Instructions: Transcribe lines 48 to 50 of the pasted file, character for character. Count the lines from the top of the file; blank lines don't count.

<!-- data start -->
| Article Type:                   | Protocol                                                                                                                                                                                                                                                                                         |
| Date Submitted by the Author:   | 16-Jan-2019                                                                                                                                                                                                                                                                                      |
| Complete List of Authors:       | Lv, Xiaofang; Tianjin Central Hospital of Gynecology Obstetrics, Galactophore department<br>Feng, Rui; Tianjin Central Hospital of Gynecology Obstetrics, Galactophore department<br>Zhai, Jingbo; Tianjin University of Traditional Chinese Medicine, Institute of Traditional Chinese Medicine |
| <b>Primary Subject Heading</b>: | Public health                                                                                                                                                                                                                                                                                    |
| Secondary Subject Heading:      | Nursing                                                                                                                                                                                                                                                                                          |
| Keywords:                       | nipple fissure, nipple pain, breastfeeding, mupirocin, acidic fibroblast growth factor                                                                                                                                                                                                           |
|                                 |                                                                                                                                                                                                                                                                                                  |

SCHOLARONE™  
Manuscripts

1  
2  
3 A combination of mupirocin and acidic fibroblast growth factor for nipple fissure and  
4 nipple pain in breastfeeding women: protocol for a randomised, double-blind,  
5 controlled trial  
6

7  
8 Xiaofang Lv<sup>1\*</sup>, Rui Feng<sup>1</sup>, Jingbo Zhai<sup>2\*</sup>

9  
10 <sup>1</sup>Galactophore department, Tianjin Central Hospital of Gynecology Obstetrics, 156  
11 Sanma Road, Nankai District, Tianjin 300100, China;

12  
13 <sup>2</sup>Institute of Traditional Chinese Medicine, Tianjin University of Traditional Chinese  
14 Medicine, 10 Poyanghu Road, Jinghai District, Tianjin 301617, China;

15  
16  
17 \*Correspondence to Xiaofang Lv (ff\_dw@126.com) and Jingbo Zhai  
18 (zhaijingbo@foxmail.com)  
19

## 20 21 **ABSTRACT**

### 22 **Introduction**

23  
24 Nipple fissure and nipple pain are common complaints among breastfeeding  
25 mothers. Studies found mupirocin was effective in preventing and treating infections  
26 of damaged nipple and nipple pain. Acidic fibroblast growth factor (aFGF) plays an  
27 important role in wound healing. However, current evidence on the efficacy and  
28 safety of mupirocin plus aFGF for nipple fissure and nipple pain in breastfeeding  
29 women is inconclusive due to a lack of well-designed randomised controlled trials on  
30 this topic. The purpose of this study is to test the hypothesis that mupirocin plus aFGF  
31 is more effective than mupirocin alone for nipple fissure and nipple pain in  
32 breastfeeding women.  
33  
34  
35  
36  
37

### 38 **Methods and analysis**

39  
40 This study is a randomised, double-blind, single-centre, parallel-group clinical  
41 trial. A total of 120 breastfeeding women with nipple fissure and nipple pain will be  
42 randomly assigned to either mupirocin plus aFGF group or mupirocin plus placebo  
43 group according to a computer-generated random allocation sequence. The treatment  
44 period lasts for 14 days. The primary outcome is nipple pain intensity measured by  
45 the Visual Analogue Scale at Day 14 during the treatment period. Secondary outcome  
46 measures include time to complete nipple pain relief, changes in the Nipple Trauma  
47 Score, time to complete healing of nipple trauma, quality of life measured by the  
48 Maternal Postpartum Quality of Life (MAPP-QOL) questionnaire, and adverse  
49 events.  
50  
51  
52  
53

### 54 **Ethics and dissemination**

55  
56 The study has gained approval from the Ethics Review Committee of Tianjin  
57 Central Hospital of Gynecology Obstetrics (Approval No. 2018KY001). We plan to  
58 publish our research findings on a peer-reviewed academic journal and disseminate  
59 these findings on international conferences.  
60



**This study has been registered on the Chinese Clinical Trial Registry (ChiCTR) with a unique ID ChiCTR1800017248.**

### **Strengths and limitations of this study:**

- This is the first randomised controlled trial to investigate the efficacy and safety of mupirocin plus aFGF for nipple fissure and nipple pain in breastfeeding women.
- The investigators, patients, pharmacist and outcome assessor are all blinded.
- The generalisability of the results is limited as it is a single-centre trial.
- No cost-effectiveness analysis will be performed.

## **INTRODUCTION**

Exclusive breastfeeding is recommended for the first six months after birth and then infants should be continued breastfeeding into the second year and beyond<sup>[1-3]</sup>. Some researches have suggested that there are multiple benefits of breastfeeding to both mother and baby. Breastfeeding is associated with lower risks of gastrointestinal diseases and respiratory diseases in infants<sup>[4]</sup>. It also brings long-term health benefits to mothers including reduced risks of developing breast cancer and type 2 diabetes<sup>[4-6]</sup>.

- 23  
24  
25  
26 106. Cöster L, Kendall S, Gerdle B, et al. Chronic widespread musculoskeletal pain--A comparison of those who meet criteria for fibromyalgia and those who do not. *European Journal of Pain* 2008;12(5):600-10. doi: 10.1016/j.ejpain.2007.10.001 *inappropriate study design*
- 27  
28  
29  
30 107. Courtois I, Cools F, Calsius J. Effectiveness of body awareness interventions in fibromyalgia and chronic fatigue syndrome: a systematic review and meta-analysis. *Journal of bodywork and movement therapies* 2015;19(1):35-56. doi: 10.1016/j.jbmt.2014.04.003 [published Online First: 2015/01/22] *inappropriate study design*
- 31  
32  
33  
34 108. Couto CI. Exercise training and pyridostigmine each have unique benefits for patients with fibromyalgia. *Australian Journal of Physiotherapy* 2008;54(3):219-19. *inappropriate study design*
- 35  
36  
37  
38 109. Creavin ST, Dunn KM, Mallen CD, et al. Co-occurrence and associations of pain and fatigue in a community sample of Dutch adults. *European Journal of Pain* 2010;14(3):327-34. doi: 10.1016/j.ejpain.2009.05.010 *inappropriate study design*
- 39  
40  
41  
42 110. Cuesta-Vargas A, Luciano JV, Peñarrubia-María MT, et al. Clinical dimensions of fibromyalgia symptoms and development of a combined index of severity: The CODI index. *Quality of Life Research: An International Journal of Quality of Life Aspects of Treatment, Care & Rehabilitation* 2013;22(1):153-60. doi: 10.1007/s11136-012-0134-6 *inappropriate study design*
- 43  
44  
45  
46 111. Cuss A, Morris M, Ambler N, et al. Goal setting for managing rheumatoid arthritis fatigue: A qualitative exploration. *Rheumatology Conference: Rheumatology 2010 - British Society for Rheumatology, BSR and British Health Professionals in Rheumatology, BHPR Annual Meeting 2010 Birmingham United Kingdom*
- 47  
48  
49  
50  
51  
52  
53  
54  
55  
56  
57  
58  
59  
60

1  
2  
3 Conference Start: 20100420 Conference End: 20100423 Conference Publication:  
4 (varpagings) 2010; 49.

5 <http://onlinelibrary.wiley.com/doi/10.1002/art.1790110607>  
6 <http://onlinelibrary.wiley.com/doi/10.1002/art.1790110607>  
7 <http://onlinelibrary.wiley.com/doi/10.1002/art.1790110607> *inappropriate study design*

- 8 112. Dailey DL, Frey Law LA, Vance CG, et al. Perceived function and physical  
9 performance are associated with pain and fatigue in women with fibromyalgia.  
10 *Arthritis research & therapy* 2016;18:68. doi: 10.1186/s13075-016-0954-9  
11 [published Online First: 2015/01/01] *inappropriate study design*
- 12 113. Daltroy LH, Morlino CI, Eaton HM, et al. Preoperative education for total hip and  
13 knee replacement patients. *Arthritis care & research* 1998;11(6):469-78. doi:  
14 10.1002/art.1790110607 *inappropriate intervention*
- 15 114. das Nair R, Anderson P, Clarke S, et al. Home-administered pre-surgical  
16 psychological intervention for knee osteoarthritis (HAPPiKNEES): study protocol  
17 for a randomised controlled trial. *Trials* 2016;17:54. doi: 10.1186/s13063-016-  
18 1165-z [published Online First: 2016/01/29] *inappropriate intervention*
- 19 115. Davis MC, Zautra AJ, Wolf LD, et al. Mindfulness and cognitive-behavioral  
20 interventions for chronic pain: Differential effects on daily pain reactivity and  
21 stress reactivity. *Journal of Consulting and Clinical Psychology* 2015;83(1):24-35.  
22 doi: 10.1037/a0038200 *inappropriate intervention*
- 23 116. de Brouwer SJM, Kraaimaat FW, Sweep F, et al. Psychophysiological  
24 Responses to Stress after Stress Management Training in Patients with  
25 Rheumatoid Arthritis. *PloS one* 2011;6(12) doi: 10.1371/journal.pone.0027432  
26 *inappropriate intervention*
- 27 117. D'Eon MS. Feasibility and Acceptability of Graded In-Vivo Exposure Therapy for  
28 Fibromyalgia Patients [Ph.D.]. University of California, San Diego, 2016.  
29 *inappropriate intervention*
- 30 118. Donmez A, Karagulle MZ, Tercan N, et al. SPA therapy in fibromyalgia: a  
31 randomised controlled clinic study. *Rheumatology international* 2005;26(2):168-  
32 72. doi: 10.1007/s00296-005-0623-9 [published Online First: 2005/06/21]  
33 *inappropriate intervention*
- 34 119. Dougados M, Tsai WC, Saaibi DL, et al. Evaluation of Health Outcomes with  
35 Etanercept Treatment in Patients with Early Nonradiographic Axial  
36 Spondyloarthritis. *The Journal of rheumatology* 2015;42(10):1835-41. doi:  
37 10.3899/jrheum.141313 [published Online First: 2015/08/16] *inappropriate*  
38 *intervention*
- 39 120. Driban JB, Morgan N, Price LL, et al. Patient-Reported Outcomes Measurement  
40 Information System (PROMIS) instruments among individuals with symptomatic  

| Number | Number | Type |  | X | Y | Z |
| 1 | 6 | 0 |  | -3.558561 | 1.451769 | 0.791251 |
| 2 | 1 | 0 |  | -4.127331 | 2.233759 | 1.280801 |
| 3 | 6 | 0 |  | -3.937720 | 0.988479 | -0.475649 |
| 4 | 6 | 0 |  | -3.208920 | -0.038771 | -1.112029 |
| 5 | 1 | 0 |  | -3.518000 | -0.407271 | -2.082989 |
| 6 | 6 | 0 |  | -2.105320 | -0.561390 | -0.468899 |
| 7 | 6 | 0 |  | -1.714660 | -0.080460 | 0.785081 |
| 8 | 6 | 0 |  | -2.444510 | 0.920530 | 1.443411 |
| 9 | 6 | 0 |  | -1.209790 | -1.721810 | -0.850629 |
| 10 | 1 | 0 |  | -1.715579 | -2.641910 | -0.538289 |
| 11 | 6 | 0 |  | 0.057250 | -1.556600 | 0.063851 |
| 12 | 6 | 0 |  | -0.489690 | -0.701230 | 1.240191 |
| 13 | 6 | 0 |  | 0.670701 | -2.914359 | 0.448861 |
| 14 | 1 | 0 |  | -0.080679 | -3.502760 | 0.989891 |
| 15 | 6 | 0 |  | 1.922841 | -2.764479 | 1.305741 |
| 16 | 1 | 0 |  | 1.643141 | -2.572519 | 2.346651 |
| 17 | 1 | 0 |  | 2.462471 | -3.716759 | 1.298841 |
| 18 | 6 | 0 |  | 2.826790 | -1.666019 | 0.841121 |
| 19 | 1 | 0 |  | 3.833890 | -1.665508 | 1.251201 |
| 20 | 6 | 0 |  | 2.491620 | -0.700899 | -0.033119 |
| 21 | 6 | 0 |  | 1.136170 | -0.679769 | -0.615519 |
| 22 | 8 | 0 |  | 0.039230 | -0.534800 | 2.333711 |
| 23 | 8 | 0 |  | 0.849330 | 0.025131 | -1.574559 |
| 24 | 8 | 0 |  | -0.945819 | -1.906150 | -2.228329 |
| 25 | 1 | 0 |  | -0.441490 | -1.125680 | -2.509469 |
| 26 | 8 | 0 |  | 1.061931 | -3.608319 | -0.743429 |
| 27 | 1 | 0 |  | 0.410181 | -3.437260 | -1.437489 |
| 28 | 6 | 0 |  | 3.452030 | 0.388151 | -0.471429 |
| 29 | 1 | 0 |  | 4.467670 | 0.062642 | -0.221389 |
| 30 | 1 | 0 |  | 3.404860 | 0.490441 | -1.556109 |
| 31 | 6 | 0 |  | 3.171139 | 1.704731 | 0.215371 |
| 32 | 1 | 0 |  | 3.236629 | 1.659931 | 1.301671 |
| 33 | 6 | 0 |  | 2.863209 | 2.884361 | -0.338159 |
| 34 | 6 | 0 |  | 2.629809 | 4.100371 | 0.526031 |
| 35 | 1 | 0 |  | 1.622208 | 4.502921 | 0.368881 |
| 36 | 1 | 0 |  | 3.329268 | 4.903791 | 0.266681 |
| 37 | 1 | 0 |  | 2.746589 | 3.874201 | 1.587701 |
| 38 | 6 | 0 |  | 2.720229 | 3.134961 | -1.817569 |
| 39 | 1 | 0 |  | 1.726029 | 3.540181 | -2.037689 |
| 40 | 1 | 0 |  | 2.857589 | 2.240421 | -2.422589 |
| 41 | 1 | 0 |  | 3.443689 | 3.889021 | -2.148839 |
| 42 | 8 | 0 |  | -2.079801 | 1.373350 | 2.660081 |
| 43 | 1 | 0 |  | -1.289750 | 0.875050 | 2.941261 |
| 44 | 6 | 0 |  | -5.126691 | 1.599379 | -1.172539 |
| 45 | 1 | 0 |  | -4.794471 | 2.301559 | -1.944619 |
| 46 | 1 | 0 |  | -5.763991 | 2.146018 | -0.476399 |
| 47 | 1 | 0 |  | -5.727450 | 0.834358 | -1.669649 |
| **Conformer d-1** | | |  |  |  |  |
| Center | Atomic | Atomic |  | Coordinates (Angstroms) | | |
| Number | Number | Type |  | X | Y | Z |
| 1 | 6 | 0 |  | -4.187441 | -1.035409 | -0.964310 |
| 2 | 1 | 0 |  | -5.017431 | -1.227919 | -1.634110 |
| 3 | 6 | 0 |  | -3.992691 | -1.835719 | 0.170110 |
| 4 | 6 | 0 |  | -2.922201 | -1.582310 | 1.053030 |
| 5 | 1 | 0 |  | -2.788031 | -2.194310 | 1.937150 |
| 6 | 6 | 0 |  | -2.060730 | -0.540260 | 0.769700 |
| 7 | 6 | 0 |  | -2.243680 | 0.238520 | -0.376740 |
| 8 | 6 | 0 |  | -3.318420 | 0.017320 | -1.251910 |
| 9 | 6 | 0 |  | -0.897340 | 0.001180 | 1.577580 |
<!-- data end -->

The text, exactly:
40 This study is a randomised, double-blind, single-centre, parallel-group clinical  
41 trial. A total of 120 breastfeeding women with nipple fissure and nipple pain will be  
42 randomly assigned to either mupirocin plus aFGF group or mupirocin plus placebo  